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Editorial

The Costs of Hope

Anne Katz
ONF 2015, 42(2), 112-113 DOI: 10.1188/15.ONF.112-113

One of my responsibilities at work is to counsel young adults about fertility preservation. It is a bittersweet responsibility. When I meet with young people, their anxiety is a distinct presence in the room. They have just been given a life-threatening diagnosis, and most have little experience in dealing with such adversity.

One of my responsibilities at work is to counsel young adults about fertility preservation. It is a bittersweet responsibility. When I meet with young people, their anxiety is a distinct presence in the room. They have just been given a life-threatening diagnosis, and most have little experience in dealing with such adversity. Then they are asked to think about something that for most is hypothetical at best and far from their reality. The information I have to give them is complex and something quite foreign. Most 21-year-old men are not thinking about their fertility, and talk about sperm banking often makes them blush. As a sexuality counselor, I am used to sensitive discussions, and we get through “the talk” with some judicious humor and not much eye contact. The discussion is often more complex with young women. The necessary procedures are lengthy, invasive, and costly. The talk is not only about sensitive matters, but also about spending money up front with an uncertain future and uncertain promise about the ultimate success of fertility preservation. Therein lies my quandary.

Fertility preservation costs a lot of money. It is rarely covered by insurance, and most young people do not have nearly enough money to cover the costs. In addition, banking sperm or oocytes is just the beginning. The costs of using the preserved sperm or eggs are astronomical. Creating an embryo after fertility preservation is not a simple process. Most fertility specialists today use a procedure called intracytoplasmic sperm injection (ICSI). ICSI involves injecting a single sperm into a mature oocyte; it is indicated where male infertility is the factor in couples unable to conceive naturally. It has obvious benefits in cancer survivors—if the survivor is a male, he will have banked a finite number of sperm, and using just one sperm to create an embryo with a partner’s egg may be more successful than traditional insemination of the partner. If the survivor is female, she will have frozen a limited number of eggs, and using ICSI theoretically improves the chances of fertilizing her limited sample of eggs. However, the success rate of these procedures is not 100%, or even close to that. A recent study reported a pregnancy rate of just 37% for female cancer survivors and a 30% live birth rate (Cardoza et al., 2015).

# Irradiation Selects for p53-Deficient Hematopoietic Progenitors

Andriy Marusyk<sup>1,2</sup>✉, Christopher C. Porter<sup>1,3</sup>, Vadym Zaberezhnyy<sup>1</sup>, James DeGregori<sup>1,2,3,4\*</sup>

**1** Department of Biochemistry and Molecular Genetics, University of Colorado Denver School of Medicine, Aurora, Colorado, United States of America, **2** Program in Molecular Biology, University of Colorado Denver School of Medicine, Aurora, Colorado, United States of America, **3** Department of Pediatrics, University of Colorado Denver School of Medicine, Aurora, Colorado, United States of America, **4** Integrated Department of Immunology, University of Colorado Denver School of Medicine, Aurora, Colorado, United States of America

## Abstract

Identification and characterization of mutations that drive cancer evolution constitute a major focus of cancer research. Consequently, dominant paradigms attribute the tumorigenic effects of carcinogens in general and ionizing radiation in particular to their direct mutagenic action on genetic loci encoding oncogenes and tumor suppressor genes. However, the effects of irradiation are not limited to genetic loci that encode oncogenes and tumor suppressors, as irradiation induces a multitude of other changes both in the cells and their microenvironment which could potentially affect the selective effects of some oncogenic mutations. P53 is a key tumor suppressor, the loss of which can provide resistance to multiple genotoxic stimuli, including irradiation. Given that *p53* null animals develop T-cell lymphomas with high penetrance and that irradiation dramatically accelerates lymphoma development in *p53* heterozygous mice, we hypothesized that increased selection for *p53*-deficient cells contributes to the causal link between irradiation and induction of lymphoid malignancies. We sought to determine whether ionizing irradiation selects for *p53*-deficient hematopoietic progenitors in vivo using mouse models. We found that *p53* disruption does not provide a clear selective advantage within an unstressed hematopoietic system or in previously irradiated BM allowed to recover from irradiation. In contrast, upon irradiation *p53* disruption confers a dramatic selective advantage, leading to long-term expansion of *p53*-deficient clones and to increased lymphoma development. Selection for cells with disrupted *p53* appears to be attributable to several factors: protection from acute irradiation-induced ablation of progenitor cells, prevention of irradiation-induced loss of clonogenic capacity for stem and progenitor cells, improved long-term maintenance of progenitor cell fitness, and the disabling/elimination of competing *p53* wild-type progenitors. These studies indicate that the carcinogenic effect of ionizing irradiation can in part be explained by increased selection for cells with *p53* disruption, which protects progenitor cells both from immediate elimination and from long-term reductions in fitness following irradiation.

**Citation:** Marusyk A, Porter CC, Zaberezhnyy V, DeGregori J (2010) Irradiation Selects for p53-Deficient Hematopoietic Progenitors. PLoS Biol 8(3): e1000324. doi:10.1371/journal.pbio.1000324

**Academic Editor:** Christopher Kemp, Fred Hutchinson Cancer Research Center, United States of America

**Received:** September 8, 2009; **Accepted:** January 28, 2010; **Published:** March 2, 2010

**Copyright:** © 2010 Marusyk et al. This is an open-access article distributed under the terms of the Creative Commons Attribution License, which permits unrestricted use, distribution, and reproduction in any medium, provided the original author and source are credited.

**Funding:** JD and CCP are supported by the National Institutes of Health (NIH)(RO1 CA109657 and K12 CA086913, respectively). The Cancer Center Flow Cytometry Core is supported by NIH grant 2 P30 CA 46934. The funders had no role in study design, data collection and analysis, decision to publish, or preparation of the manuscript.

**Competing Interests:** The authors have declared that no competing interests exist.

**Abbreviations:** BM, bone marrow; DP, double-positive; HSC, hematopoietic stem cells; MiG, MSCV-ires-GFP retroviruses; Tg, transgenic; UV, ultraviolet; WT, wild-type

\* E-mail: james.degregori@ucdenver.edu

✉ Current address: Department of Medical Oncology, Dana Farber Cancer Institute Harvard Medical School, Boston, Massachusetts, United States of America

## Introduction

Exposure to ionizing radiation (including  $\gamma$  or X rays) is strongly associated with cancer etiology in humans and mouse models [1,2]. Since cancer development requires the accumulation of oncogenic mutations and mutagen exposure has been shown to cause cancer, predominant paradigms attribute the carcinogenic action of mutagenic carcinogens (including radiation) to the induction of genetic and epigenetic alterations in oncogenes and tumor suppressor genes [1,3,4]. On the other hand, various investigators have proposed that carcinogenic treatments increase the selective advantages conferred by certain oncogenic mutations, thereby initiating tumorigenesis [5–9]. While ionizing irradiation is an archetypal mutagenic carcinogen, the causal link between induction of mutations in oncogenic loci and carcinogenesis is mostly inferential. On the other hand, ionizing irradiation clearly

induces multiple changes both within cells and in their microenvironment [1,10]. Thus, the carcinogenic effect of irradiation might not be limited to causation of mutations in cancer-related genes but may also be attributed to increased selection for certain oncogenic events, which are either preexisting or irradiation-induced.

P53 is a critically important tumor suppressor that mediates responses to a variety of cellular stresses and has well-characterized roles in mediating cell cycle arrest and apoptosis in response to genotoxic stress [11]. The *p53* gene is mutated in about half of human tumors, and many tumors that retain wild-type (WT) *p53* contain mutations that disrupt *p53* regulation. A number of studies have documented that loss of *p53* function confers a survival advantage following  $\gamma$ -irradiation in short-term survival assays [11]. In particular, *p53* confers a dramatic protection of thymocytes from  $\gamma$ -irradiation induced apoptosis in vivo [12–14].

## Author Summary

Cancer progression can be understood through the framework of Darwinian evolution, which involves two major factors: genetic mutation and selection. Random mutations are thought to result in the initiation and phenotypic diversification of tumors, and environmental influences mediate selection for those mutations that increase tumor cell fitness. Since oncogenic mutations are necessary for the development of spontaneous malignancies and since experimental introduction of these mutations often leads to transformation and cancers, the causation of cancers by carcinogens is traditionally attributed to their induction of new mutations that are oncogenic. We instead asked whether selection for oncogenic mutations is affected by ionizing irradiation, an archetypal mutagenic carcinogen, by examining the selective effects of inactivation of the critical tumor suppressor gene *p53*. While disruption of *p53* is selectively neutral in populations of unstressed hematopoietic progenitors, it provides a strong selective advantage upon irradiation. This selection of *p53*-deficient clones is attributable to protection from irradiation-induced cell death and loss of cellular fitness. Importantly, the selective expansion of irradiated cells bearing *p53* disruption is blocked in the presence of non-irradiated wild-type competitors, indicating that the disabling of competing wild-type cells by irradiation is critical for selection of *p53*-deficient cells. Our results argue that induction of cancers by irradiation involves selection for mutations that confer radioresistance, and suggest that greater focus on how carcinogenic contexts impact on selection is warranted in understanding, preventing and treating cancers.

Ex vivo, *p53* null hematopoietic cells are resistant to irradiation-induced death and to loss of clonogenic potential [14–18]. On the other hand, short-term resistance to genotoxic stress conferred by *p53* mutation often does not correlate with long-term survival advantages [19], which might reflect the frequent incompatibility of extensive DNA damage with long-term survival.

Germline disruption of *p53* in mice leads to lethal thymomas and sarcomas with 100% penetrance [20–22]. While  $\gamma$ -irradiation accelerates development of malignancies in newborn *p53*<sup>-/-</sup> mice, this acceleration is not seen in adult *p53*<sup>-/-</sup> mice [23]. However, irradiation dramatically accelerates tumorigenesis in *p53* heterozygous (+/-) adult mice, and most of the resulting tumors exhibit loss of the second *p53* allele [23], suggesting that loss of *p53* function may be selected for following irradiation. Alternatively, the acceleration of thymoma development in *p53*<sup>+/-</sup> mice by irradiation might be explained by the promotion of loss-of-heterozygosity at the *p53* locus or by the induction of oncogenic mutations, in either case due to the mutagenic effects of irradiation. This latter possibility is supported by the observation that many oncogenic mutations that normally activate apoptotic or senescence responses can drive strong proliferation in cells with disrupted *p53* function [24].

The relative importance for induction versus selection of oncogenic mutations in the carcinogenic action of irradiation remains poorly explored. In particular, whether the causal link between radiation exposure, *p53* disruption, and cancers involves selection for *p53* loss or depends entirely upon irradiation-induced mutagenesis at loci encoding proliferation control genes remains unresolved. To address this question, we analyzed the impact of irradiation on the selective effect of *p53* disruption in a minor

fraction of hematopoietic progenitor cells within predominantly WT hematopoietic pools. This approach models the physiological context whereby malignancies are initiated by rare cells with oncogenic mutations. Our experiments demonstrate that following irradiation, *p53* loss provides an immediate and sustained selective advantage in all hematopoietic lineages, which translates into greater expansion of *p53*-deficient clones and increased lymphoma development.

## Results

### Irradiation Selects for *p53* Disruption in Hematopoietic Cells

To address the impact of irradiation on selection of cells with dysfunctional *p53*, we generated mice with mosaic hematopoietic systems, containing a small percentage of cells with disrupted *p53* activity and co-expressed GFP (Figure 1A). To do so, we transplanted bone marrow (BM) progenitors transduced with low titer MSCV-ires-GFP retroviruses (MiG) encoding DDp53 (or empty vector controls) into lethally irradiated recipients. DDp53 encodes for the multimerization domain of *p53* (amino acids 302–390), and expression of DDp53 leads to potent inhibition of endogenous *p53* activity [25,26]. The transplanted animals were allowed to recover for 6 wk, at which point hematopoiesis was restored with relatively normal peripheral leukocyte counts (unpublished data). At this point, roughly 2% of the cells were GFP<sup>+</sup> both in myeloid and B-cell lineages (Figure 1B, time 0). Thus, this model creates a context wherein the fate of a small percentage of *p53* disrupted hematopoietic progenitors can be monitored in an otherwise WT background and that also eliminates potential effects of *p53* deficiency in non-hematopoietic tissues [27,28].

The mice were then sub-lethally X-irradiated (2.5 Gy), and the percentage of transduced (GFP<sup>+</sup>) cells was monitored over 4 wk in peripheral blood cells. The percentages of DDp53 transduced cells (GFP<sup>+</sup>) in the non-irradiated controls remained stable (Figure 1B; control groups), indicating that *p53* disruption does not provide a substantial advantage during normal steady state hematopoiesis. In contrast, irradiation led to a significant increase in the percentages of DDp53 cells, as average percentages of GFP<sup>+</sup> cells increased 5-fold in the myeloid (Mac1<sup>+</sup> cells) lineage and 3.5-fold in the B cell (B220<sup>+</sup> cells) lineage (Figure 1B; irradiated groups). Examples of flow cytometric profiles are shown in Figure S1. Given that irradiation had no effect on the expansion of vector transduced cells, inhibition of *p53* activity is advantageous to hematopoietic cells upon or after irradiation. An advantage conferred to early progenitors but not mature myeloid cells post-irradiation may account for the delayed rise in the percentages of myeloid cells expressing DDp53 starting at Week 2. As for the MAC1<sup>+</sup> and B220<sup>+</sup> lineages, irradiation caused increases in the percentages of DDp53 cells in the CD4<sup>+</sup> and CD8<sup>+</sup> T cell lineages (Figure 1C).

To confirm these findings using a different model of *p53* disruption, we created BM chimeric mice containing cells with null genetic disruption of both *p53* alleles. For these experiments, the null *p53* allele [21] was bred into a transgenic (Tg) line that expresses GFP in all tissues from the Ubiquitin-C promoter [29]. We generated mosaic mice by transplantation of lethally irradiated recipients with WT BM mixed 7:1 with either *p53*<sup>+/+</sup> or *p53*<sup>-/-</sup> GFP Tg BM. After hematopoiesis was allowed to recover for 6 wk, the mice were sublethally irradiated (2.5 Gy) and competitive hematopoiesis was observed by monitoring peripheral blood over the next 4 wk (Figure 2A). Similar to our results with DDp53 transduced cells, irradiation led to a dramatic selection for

A study from researchers at the Centers for Disease Control and Prevention (Boulet et al., 2015) reported that the use of ICSI has more than doubled from 1996–2012. The outcome is not all that rosy—there is a 1.5–4 times increased risk of chromosomal abnormalities, birth defects, intellectual disability, and autism in children born after ICSI as compared to conventional in vitro fertilization (IVF).

I talk about the costs with the patients who are referred to me. Every single time I have had the discussion, the response is usually a blank stare followed by a question about financial support. Depending on where the patient lives, there may be some financial support—or not. Some young patients have parents who can afford to pay for the procedures and medication costs, but other patients do not want to ask their parents or know that their parents could not afford it. I counseled a young woman who was undecided about ever having children, but her diagnosis of colorectal cancer at 25 years old caused her to reconsider. A glance at the fee structure at our local fertility clinic made up her mind; it was not to be. A young man recently diagnosed with lymphoma described his lifelong desire to be a father—and he blanched at the costs of sperm banking, but then decided that he would take the money he and his fiancée were saving for their summer wedding and use it for this; he did not want to talk about what would happen when he wanted to use his frozen sperm.

The hope and promise of assisted reproductive technologies is just that—hope and promise. But is hope and promise better than the certainty of a life without biological offspring? If we speak honestly to our patients about the 30% chance of a live birth, are we taking away hope and promise? As carefully as I word my counseling, I am most often left with a sense of unease after the conversation. As a Canadian nurse, I never have to talk about money with my patients, except in this circumstance. Perhaps this plays into my discomfort talking about something that costs more money than most young people have now, or even dream of having one day. In the back of my mind is the question about my desire to offer hope to these young people and whether offering hope in the form of expensive fertility preservation with limited success is ethical. I also feel strongly that we need to counsel these patients, and nurses are ideally suited to this responsibility. But at what cost—hope?

About the Author(s)

Anne Katz, PhD, RN, FAAN, is a clinical nurse specialist at the Manitoba Prostate Centre, an adjunct professor in the Faculty of Nursing at the University of Manitoba, and a sexuality counselor for the Department of Psychosocial Oncology at CancerCare Manitoba, all in Winnipeg, Manitoba, Canada. Katz can be reached at ONFEditor@ons.org.